• If you know that a query returns just one row then set fetchArraySize to 1 to minimize memory usage. The default prefetch value of 2 allows minimal round-trips for single-row queries:

    const sql = `SELECT last_name
                 FROM employees
                 WHERE employee_id = :bv`;
    const binds = [100];
    const options = { fetchArraySize: 1 };
    const result = await connection.execute(sql, binds, options);

There are two cases that will benefit from disabling row prefetching by setting prefetchRows to 0:

  • When a query returns a ResultSet which is then passed into PL/SQL. Set prefetchRows to 0 during the initial query so the first rows from the cursor are not prematurely (and silently) fetched by node-oracledb. This lets all rows be available to the later, receiving PL/SQL code. See REF CURSOR Bind Parameters.

  • When querying a PL/SQL function that uses PIPE ROW to emit rows at intermittent intervals. By default, several rows needs to be emitted by the function before node-oracledb can return them to the application. Setting prefetchRows to 0 helps give a consistent flow of data to the application.

Prefetching can also be enabled in an external oraaccess.xml file, which may be useful for tuning an application when modifying its code is not feasible. Setting the size in oraaccess.xml or with the global oracledb.prefetchRow attribute will affect the whole application, so it should not be the first tuning choice.

10.2. Database Round-trips

A round-trip is defined as the travel of a message from node-oracledb to the database and back. Calling each node-oracledb function, or accessing each attribute, will require zero or more round-trips. For example, inserting a simple row involves sending data to the database and getting a success response back. This is a round-trip. Along with tuning an application’s architecture and tuning its SQL statements, a general performance and scalability goal is to minimize round-trips because they impact application performance and overall system scalability.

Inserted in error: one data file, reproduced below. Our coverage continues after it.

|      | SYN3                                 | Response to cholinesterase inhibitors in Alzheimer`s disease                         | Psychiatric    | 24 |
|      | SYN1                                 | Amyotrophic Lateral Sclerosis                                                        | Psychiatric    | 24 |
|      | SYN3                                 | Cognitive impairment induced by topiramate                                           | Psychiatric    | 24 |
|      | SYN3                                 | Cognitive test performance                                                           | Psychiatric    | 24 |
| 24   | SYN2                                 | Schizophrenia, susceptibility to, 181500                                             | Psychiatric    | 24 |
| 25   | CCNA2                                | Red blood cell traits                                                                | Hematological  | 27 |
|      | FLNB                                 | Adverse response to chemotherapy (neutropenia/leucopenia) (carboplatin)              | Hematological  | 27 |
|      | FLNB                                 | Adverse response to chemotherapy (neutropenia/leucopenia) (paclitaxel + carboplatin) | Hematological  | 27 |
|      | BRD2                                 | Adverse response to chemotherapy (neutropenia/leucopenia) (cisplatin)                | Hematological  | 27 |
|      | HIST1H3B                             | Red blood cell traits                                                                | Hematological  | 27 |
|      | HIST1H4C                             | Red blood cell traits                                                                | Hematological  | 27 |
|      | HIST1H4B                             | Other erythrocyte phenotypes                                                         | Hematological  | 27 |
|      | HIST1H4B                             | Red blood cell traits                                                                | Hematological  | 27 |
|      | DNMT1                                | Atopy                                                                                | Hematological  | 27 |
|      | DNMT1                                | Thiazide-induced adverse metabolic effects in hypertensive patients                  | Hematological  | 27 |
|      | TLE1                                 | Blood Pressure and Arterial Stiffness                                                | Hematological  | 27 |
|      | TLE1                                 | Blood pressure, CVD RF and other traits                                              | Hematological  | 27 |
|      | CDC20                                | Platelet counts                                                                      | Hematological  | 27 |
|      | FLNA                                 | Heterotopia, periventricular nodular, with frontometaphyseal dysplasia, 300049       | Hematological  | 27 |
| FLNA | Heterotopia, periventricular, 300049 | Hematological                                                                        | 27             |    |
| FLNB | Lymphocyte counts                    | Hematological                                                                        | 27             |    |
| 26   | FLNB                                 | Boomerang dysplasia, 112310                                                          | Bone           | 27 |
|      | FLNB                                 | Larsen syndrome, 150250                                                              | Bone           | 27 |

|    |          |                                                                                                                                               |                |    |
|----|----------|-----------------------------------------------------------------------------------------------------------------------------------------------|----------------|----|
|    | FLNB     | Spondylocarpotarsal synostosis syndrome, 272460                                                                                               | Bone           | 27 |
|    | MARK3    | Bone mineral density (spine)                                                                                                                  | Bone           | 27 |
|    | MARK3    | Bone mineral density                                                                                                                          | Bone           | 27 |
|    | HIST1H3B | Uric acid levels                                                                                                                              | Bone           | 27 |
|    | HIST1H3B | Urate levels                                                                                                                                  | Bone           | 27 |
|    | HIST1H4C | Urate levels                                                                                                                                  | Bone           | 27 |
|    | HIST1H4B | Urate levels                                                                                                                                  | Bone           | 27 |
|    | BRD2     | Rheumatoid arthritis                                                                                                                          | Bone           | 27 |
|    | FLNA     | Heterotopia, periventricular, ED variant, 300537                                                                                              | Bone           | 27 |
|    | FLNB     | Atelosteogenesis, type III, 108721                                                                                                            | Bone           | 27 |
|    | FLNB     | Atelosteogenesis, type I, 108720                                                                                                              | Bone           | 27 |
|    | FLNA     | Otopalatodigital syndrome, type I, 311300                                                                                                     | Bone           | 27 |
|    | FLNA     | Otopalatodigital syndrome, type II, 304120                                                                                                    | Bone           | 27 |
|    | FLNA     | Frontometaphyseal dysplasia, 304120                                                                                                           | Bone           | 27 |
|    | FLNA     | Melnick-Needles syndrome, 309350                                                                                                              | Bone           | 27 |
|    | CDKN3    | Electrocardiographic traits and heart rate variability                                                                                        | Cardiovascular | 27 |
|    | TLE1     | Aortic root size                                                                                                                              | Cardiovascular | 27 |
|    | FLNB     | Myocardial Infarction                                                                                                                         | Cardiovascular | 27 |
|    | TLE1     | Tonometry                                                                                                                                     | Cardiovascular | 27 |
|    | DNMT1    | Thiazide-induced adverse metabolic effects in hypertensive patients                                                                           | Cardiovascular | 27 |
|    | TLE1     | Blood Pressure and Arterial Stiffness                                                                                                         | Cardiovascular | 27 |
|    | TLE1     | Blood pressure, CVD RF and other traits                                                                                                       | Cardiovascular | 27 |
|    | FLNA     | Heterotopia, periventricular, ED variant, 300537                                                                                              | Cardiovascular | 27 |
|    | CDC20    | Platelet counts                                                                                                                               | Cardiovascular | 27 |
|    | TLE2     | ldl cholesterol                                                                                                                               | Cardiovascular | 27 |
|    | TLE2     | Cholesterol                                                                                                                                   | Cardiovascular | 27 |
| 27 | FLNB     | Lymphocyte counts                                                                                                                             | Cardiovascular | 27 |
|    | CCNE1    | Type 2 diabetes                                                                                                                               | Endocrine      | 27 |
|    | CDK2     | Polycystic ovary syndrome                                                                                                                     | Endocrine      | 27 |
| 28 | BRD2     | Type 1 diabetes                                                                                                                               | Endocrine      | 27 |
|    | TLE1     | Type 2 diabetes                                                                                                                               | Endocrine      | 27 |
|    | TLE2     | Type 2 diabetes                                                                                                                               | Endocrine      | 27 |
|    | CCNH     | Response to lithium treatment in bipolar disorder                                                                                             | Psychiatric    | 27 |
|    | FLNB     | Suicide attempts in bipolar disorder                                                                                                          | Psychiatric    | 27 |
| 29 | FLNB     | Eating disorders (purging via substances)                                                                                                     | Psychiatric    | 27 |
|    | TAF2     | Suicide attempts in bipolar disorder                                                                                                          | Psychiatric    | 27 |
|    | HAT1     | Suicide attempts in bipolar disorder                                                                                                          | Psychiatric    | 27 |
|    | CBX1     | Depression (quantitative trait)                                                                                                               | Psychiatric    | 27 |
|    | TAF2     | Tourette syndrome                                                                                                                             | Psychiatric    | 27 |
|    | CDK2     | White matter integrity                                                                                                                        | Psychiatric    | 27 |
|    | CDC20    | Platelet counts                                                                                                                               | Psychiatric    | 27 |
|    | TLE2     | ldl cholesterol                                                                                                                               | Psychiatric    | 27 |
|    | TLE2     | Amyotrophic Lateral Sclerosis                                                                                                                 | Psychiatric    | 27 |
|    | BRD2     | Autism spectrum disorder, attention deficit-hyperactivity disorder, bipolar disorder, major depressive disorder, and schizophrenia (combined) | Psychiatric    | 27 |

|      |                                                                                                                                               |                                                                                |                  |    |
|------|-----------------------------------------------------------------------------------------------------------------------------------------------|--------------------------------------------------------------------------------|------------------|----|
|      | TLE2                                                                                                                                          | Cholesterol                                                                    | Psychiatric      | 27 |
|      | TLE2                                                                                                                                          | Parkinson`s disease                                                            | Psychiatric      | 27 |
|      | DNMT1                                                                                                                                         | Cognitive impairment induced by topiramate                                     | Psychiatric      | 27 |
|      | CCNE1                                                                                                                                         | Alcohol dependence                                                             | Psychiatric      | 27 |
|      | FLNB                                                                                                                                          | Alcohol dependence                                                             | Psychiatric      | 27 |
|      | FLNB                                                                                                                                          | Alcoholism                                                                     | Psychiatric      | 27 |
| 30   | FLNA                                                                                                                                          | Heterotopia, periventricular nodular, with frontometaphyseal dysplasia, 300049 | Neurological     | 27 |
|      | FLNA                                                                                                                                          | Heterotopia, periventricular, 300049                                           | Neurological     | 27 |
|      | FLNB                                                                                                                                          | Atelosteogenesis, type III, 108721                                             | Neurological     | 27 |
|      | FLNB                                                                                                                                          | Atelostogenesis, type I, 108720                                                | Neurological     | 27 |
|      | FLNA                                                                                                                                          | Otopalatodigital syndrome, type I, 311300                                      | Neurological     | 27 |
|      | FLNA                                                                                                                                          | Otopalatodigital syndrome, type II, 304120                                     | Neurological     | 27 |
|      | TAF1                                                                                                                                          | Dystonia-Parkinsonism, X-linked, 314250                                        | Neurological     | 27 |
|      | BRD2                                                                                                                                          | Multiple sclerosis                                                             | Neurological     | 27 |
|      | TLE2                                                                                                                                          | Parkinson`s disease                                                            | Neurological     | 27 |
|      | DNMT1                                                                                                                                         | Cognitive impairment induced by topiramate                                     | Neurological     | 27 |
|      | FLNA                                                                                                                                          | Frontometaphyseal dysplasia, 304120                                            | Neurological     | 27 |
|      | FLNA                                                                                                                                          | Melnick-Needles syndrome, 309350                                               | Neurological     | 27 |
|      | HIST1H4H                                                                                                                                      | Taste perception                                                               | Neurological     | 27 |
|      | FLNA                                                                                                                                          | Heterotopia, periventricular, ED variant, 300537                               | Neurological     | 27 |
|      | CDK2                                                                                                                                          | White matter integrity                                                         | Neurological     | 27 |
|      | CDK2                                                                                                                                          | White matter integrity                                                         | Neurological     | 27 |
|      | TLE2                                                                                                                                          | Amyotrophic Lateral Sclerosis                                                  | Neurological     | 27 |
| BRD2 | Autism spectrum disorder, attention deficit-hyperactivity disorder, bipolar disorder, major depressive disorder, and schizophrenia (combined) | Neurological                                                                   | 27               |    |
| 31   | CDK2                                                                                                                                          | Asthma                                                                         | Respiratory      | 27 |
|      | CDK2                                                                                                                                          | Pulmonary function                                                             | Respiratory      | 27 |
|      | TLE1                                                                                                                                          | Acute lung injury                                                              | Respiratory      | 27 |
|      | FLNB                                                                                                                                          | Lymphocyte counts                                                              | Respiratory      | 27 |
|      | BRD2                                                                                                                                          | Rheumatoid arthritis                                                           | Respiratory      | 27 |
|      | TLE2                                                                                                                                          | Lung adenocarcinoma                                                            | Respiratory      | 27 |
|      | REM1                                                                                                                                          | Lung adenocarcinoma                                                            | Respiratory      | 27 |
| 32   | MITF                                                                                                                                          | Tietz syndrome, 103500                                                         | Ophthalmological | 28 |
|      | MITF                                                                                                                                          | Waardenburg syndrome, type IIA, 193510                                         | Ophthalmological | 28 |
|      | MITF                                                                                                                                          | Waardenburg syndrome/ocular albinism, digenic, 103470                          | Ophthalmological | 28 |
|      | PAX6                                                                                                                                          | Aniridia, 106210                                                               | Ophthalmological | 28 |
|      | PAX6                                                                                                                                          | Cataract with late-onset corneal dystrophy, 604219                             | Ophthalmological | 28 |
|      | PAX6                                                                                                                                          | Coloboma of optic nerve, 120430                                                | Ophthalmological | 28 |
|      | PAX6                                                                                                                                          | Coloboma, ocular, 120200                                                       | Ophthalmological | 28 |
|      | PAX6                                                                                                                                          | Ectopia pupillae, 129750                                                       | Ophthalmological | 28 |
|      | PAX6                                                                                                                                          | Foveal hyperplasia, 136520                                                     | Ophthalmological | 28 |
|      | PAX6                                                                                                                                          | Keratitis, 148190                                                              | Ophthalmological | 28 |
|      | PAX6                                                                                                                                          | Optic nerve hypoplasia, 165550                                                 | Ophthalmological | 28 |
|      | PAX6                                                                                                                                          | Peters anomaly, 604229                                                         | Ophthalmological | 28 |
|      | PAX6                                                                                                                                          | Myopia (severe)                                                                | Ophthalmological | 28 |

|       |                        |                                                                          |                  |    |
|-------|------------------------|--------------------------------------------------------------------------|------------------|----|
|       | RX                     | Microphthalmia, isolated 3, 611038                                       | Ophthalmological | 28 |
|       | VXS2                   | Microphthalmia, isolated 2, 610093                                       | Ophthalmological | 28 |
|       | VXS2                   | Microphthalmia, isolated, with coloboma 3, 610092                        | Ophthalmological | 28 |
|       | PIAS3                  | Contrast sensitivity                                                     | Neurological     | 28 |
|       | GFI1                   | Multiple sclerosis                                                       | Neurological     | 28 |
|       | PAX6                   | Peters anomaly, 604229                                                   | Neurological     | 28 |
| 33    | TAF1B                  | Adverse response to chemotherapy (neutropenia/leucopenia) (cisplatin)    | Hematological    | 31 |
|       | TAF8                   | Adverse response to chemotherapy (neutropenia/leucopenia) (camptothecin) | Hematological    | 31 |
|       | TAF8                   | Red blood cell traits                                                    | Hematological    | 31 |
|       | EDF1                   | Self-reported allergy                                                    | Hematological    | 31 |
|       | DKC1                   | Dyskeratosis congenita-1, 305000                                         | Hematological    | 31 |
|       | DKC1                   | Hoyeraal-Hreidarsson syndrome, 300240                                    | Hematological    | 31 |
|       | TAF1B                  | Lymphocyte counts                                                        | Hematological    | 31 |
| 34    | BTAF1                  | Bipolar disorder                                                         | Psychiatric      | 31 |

Some general tips for reducing round-trips are:

10.2.1. Finding the Number of Round-Trips

Oracle’s Automatic Workload Repository (AWR) reports show ’SQL*Net roundtrips to/from client’ and are useful for finding the overall behavior of a system.

Sometimes you may wish to find the number of round-trips used for a specific application. Snapshots of the V$SESSTAT view taken before and after doing some work can be used for this:

SELECT ss.value, sn.display_name
FROM v$sesstat ss, v$statname sn
AND ss.statistic# = sn.statistic#
AND sn.name LIKE '%roundtrip%client%'; Example of finding the number of round-trips

First, find the session id of the current connection:

const r = await connection.execute(`SELECT sys_context('userenv','sid') FROM dual`);
const sid = r.rows[0][0];  // session id

This can be used with V$SESSTAT to find the current number of round-trips. A second connection is used to avoid affecting the count. If your user does not have access to the V$ views, then use a SYSTEM connection:

async function getRT(sid) {
  let systemconnection;
  try {
    systemconnection = await oracledb.getConnection(
       'system', process.env.SYSTEMPASSWORD, 'localhost/orclpdb1');
    const result = await systemconnection.execute(
      `SELECT ss.value
      FROM v$sesstat ss, v$statname sn
      WHERE ss.sid = :sid
      AND ss.statistic# = sn.statistic#
      AND sn.name LIKE '%roundtrip%client%'`,
    return (result.rows[0]);
  } catch (err) {
  } finally {
    if (systemconnection) {
      try {
        await systemconnection.close();
      } catch (err) {

The main part of the application performs the “work” and calls getRT() to calculate the number of round-trips the work takes:

let before, after;

// Multiple execute() calls with explicit commit()

before = await getRT(sid);

const bindArray = [
  [1, 'Victory'],
  [2, 'Beagle'],
for (const binds of bindArray) {
  await connection.execute(
    `INSERT INTO ships (id, name) values (:i, :n)`,

after = await getRT(sid);